Preemptive analgesia: no relevant advantage of preoperative compared with postoperative intravenous administration of morphine, ketamine, and clonidine in patients undergoing transperitoneal tumor nephrectomy

Holger Holthusen, Peter Backhaus, Frank Boeminghaus, Maria Breulmann, Peter Lipfert
Regional Anesthesia and Pain Medicine 2002, 27 (3): 249-53

BACKGROUND AND OBJECTIVES: Preemptive analgesia often failed in the clinical arena because application of a single intravenously applied drug may not prevent nociceptive input and spinal pain processing sufficiently. We therefore used an intravenous (IV), multireceptor approach and tested the preemptive analgesic effect of the antinociceptive drugs morphine, ketamine, and clonidine given before or immediately after surgery.

METHODS: A double-blind, randomized, prospective study was performed in 30 patients undergoing transperitoneal tumor nephrectomy (via median laparotomy). Standard general anesthesia procedure without opioids was used. After induction, patients were randomly allocated to receive 150 microg x kg(-1) of morphine, 150 microg x kg(-1) of ketamine, and 5 microg x kg(-1) of clonidine intravenously via a motor-driven pump within 15 minutes, either before or immediately after surgery. Patient-controlled analgesia (PCA) with the opioid piritramide (IV) was used for postoperative analgesia. Postoperative pain at rest and during induced cough was quantified by analgesic requirement and pain scores (visual analog scale [VAS]) within 48 hours.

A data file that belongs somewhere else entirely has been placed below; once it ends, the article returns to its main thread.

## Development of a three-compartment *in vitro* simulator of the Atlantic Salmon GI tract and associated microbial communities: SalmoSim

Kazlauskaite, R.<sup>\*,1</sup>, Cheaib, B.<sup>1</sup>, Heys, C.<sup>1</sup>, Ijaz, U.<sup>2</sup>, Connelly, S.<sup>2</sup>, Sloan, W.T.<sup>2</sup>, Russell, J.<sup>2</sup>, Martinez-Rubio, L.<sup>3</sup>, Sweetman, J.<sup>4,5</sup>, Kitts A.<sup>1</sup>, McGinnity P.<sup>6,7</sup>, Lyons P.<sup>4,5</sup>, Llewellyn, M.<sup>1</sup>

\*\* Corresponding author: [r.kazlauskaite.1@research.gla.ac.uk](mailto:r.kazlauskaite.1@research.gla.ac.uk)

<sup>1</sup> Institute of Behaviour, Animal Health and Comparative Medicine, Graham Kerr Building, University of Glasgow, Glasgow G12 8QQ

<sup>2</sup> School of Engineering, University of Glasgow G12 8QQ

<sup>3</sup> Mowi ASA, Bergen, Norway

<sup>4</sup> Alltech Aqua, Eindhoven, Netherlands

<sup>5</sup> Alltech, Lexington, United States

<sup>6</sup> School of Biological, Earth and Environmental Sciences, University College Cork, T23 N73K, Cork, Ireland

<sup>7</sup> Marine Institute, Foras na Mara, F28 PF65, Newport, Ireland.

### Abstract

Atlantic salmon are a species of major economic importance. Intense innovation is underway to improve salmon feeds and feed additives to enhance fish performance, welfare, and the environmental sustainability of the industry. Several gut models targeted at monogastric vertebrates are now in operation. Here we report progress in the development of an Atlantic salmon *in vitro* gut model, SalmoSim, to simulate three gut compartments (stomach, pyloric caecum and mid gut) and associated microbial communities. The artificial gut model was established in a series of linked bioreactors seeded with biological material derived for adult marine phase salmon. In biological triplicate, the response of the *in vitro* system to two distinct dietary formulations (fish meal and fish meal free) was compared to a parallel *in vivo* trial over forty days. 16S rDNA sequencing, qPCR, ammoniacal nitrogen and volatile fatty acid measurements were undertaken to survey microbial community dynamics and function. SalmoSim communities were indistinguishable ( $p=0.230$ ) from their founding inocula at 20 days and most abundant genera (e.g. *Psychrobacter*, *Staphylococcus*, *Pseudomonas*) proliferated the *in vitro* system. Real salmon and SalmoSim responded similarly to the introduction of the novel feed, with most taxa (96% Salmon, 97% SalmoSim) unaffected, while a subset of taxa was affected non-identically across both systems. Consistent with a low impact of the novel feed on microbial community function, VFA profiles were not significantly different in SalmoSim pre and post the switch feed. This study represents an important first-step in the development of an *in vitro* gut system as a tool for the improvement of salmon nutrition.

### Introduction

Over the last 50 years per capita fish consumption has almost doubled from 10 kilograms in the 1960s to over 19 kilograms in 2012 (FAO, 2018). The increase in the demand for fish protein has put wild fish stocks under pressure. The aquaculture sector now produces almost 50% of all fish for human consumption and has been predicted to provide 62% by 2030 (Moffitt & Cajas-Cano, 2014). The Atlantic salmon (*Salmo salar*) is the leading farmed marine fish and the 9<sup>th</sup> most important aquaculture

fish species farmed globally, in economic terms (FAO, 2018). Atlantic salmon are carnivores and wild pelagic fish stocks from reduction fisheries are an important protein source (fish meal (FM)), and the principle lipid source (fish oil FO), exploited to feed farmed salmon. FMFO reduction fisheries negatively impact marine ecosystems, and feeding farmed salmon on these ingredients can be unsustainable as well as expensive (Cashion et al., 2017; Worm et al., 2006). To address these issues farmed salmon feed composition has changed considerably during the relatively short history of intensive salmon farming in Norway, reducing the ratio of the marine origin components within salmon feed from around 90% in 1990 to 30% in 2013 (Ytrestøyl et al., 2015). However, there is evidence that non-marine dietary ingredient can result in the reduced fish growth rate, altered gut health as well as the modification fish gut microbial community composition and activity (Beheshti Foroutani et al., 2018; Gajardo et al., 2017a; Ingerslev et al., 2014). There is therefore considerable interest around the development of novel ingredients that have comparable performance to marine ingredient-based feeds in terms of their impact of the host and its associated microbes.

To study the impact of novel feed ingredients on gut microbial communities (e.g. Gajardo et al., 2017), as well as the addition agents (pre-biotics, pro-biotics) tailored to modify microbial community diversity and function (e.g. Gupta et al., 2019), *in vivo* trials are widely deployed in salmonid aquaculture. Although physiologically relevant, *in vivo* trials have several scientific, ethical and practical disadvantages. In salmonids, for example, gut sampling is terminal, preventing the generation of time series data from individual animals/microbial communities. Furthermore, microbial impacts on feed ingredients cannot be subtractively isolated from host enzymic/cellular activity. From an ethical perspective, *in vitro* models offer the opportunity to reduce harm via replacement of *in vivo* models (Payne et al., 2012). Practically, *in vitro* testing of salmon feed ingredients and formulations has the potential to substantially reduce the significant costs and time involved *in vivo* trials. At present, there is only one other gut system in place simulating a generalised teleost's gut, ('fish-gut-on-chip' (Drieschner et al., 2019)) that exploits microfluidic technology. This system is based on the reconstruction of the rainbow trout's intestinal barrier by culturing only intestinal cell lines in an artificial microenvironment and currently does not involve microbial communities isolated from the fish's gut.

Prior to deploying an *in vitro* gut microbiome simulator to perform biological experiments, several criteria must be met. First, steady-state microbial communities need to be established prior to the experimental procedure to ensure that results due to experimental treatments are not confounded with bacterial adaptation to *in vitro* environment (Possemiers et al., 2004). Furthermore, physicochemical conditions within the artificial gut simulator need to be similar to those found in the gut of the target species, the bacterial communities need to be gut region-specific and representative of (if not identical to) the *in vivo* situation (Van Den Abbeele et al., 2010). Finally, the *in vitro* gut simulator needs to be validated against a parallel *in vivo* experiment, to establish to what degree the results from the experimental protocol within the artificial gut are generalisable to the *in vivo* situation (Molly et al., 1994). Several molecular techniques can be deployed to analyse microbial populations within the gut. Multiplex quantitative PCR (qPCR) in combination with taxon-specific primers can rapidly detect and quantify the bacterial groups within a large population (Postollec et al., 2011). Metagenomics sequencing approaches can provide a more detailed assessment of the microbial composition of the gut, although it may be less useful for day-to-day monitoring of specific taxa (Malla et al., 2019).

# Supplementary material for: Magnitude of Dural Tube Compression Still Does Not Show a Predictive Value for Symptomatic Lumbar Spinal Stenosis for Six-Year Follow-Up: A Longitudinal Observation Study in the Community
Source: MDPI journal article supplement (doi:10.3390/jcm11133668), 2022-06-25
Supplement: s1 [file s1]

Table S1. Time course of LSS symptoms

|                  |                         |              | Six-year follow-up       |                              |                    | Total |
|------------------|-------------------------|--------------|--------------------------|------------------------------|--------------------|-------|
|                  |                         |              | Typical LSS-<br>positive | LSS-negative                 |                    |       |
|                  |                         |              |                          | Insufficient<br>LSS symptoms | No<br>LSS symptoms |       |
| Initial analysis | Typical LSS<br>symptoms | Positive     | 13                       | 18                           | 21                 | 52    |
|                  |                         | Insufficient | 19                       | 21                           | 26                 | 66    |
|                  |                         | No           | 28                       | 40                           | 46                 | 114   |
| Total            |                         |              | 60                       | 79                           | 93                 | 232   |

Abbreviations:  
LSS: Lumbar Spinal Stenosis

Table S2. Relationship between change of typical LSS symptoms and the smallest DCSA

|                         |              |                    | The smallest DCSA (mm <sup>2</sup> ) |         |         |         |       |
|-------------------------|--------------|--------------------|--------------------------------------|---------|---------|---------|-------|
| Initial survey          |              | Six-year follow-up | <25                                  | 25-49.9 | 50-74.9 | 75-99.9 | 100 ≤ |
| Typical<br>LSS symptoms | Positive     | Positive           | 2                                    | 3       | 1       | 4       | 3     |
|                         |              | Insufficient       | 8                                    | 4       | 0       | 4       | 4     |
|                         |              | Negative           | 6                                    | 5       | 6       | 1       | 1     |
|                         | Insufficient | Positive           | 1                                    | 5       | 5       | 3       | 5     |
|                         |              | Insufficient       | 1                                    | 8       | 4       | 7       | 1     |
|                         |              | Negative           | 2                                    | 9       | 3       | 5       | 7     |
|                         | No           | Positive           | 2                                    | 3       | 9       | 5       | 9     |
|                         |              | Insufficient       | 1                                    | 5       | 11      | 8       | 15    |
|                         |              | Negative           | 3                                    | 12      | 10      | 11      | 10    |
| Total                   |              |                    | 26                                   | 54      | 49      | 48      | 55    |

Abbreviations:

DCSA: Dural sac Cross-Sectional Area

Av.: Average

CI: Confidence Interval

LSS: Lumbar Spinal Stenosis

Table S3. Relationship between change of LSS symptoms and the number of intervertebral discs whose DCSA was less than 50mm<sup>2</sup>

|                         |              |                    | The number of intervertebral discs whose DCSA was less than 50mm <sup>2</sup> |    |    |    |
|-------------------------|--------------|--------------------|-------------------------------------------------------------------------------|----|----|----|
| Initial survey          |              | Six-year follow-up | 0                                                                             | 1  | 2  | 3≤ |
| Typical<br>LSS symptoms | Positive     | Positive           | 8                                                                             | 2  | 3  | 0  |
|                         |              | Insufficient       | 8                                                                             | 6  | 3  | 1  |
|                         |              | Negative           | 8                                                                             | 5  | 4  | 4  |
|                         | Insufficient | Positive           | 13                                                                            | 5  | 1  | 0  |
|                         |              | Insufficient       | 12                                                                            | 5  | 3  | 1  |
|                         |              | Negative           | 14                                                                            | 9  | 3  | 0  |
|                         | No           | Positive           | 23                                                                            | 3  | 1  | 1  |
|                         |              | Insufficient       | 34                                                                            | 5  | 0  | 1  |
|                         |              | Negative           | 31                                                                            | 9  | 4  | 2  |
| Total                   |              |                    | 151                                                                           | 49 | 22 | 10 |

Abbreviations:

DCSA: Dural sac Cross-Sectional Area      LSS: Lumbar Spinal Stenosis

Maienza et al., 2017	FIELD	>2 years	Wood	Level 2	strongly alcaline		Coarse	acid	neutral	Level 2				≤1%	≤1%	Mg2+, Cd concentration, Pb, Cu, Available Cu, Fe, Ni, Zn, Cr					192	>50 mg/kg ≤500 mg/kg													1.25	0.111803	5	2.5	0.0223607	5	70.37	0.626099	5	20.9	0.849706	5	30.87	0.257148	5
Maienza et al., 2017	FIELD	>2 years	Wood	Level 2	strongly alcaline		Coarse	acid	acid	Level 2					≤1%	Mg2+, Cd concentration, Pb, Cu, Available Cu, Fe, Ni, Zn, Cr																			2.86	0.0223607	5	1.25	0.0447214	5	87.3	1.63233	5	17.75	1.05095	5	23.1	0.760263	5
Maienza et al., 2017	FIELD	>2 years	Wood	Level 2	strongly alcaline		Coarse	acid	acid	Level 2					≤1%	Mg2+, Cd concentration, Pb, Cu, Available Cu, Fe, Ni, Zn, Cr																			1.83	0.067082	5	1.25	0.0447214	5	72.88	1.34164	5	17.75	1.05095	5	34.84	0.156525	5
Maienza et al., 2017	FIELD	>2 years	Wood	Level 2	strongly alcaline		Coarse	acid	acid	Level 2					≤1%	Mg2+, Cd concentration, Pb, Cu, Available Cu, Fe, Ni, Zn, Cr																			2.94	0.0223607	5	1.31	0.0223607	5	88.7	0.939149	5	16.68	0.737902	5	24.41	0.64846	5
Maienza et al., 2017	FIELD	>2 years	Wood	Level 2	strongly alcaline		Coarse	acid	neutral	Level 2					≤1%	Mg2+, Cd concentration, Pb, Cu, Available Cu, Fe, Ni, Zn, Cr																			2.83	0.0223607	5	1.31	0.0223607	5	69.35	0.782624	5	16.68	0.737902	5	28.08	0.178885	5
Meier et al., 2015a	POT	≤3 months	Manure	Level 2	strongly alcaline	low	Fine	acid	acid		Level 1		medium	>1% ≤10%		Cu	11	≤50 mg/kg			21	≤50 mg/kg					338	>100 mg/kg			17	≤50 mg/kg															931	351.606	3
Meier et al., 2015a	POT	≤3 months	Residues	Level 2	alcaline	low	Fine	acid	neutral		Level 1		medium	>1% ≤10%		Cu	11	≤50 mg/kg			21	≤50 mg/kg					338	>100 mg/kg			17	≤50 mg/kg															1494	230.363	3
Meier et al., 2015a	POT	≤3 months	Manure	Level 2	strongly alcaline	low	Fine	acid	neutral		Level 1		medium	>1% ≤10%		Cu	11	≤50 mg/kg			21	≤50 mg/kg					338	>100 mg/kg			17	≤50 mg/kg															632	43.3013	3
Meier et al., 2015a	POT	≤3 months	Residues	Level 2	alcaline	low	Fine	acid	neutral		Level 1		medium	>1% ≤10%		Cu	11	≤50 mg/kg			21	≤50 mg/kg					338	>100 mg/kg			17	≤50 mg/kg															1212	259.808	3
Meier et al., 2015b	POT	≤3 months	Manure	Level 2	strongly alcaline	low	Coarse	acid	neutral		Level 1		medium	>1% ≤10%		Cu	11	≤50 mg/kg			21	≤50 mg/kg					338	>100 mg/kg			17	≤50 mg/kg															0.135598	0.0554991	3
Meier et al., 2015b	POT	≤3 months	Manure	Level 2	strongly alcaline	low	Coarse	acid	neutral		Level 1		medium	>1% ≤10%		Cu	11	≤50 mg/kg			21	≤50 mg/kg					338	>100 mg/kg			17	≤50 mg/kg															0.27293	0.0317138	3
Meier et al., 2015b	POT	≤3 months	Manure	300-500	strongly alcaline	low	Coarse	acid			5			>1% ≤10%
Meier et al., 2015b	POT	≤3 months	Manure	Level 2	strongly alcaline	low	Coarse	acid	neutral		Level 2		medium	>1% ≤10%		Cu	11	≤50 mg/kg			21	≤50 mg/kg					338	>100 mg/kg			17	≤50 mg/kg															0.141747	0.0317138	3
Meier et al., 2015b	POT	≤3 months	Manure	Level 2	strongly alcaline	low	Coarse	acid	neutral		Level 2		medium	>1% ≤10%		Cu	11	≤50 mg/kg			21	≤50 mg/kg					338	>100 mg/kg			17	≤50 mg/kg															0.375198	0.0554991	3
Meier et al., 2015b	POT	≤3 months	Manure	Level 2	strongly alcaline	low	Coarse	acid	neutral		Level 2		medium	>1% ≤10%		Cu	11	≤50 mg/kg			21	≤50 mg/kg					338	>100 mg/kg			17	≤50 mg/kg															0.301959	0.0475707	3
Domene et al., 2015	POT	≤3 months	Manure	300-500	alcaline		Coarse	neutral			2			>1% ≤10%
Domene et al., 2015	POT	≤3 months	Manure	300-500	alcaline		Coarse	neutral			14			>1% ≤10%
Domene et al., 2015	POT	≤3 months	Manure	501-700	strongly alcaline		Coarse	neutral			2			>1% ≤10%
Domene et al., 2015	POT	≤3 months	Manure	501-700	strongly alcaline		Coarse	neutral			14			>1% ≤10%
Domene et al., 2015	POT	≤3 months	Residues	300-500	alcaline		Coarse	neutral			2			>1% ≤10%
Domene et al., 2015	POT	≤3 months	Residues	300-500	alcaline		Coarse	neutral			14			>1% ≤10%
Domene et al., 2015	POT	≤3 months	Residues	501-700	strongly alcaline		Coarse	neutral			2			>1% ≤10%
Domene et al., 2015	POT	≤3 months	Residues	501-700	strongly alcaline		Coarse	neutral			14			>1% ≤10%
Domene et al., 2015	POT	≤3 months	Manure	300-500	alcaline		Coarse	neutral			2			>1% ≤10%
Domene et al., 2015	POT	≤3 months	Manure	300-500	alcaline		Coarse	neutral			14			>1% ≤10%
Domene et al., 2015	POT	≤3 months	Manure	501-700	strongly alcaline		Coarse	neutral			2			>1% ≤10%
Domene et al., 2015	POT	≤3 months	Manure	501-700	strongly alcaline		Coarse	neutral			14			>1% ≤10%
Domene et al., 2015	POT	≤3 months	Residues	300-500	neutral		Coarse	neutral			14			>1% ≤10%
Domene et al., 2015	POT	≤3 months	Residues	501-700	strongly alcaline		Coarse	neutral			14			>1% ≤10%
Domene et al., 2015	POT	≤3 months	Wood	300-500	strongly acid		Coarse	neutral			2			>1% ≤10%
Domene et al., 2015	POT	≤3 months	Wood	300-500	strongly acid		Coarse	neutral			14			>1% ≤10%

RESULTS: There was no significant difference in analgesic requirement of piritramide and pain scores at rest or during induced cough.

CONCLUSIONS: In contrast to encouraging observations on the combination of antinociceptive drugs, the multireceptor approach tested here failed to exert a clinically relevant effect.

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